WATERLOO — Black Hawk County and counties around it are under a severe thunderstorm watch until 9 p.m. Friday, with a flood watch in effect for the Cedar River -- and we're not done with snow yet, either.
A severe thunderstorm watch was in effect until 9 p.m. Friday for Black Hawk, Grundy, Hardin and Tama counties in northeast Iowa, according to the National Weather Service office in Des Moines.
Strong to severe thunderstorms with large hail and damaging wind were possible Friday after 7 p.m., with wind gusts as high as 40 miles per hour. Between half-an-inch and three-quarters of an inch of rain is possible Friday, according to the NWS.
Additionally, a longer-term hazardous weather outlook was in effect for Black Hawk, Bremer, Butler, Franklin, Grundy and Hardin counties this weekend, with storms Friday night leading into accumulating snow Saturday.
A half-inch of rain is expected Saturday, changing over to snow after 10 p.m. Saturday night, with 1 to 3 inches of snow possible, according to the NWS. Sunday could also bring an additional 1 to 2 inches of snow.
That may lead to slick roads and low visibility, making travel difficult, on Saturday, according to the NWS.
That rain and snow could make the Cedar River rise in Black Hawk County, specifically from Cedar Falls to Waterloo, from now until Wednesday morning, according to the NWS. Minor flooding was forecast, but could become major depending on precipitation from the storm.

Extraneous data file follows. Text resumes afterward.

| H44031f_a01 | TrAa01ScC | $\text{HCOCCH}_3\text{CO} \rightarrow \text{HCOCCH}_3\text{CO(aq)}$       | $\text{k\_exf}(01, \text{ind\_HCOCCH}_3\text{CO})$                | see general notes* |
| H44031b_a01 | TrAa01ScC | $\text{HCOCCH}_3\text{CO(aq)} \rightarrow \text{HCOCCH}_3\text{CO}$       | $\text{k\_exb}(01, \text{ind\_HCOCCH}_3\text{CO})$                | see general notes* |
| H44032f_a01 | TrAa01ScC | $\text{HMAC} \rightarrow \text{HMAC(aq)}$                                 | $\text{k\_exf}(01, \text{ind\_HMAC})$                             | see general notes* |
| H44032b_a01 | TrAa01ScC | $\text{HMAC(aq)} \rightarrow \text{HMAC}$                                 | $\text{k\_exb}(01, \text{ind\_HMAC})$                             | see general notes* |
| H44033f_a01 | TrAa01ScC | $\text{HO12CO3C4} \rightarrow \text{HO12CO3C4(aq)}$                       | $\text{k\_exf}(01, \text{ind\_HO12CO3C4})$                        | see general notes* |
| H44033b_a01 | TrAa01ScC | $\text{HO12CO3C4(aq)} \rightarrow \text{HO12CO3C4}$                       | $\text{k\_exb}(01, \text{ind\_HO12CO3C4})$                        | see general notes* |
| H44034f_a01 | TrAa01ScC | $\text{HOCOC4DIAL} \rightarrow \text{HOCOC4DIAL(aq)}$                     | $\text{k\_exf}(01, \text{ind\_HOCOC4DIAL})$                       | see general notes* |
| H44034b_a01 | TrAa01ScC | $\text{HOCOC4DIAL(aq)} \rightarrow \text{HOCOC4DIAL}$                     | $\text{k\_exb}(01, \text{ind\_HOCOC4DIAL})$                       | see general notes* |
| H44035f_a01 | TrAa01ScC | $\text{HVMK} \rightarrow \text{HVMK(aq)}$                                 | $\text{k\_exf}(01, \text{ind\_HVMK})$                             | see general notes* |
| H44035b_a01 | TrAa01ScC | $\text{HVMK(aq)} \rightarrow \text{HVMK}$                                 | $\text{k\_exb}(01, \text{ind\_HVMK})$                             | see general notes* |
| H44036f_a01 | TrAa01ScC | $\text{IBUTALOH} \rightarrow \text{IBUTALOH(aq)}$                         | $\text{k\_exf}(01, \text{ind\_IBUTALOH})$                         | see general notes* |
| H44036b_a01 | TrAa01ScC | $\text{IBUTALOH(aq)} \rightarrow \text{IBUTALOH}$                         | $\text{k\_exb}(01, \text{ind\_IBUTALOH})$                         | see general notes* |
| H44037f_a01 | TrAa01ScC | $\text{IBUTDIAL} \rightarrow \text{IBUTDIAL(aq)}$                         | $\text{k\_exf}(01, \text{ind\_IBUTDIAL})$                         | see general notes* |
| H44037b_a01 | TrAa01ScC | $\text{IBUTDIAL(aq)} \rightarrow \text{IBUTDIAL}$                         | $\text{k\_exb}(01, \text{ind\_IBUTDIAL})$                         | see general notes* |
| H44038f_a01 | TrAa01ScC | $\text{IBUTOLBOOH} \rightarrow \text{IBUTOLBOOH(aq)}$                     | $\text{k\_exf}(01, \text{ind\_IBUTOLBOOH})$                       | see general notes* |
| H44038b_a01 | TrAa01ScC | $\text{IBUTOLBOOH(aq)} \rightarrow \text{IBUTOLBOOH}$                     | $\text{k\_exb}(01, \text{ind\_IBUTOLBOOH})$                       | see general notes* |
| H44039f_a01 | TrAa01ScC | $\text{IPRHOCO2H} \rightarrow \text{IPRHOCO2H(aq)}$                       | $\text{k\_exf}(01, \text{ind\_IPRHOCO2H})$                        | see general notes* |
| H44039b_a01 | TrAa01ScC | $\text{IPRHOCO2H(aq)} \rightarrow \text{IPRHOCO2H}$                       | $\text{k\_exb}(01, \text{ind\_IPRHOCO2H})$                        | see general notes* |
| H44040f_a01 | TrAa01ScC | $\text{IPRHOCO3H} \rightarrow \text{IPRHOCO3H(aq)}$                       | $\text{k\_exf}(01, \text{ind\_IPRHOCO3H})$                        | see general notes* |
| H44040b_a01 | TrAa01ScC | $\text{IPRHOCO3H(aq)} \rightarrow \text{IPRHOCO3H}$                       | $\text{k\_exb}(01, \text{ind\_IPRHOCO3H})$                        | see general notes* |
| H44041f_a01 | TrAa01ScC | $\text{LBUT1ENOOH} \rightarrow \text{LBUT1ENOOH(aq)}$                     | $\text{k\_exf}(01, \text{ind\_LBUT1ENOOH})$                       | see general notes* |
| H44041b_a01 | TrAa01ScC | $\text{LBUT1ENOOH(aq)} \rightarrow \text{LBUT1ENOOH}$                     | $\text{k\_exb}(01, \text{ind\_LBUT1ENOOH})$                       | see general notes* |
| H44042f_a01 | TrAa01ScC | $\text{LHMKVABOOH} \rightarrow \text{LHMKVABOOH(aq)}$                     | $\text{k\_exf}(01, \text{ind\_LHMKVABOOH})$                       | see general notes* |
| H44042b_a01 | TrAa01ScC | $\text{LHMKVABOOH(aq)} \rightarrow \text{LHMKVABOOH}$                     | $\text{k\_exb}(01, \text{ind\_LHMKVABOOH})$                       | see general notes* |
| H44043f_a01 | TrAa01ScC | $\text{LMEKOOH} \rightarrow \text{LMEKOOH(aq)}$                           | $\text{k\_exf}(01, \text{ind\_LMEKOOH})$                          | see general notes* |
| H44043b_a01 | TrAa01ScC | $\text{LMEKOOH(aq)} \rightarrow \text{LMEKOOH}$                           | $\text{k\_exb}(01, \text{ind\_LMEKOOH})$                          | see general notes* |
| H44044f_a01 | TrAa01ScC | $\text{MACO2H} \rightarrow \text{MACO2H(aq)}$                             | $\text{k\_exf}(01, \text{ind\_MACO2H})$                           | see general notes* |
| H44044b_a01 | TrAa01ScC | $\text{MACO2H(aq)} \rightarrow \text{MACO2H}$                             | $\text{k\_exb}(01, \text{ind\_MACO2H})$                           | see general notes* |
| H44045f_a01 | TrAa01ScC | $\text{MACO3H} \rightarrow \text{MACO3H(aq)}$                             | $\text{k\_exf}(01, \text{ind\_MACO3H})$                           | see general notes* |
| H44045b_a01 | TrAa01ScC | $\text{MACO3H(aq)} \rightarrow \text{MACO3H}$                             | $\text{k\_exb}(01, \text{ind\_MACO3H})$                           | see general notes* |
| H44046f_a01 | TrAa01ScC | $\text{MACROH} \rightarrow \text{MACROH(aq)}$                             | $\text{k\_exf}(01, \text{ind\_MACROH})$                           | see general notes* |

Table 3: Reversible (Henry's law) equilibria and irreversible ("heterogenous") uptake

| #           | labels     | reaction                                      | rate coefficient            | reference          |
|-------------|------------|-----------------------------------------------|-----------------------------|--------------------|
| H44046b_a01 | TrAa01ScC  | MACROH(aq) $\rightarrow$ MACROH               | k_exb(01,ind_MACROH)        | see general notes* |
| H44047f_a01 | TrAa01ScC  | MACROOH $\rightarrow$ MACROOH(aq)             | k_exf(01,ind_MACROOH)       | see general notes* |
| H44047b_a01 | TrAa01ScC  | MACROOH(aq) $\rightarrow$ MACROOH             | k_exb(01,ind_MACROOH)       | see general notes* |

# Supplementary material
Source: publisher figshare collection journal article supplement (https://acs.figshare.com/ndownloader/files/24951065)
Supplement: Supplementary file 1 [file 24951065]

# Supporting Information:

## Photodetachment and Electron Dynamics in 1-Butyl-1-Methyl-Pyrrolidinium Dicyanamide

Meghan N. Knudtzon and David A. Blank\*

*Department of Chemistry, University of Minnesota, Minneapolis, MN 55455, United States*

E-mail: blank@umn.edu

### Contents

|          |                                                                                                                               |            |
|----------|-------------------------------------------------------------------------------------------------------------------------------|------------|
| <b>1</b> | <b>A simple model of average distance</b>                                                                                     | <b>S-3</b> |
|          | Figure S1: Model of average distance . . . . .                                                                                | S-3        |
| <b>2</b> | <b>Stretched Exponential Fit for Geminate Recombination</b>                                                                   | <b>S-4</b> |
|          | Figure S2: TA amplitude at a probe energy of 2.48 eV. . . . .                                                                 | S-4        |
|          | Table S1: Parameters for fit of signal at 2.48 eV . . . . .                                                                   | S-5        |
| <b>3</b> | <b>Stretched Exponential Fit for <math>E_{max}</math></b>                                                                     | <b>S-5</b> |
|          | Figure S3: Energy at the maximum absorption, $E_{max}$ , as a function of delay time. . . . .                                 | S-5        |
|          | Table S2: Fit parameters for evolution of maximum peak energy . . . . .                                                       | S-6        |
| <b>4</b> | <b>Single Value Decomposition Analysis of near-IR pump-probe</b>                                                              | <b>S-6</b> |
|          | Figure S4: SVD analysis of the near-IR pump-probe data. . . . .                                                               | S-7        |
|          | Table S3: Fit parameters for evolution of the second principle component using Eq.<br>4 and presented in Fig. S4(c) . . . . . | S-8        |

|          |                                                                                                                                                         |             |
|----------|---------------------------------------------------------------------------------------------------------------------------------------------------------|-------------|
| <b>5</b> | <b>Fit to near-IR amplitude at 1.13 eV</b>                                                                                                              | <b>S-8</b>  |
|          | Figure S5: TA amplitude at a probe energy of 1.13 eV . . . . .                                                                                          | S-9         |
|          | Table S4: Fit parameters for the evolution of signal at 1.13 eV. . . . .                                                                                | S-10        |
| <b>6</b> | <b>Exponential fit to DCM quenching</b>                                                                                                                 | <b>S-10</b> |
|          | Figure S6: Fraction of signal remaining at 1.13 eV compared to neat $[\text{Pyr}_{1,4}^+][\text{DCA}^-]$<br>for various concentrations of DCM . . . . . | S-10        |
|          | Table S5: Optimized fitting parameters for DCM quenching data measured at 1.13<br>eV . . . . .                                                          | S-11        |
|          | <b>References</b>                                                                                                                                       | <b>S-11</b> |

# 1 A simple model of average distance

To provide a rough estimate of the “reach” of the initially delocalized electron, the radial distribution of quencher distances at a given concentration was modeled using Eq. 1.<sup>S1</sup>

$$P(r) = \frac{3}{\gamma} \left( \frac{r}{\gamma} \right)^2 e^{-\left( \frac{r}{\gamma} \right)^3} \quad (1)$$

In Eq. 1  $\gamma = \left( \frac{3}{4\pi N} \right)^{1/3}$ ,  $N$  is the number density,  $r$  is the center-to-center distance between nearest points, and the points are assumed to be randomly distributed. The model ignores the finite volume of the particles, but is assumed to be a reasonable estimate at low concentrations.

The Cedar River was 7 feet below flood stage Friday morning and is expected to crest at 1 foot above flood stage Monday morning before it decreases below flood stage Wednesday morning, according to the NWS. Forecasters cautioned that flooding was dependent on precipitation amounts.
Northeast Iowa's continued wintery woes are all part of a larger storm system expected to dump up to a foot of snow on parts of Minnesota and South Dakota this weekend.
The National Weather Service in Duluth, Minnesota, issued a gale watch Friday evening through late Saturday night for high winds expected on western Lake Superior. Winds could gust up to 52 miles per hour, and waves could swell to 14 feet.
A vast swath of the Upper Midwest and Plains states, stretching from western South Dakota to western Wisconsin and reaching into Nebraska, is under blizzard or winter storm warnings or a winter storm watch. Forecasters say parts of Minnesota could see strong, gusty winds of up to 50 mph, while some areas of Nebraska near the South Dakota border could receive up to 17 inches of snow.
Meteorologist Michelle Margraf at the Twin Cities weather service said the central U.S. is stuck in a cold pattern due to high pressure sitting just off the East Coast.
The Associated Press contributed to this report.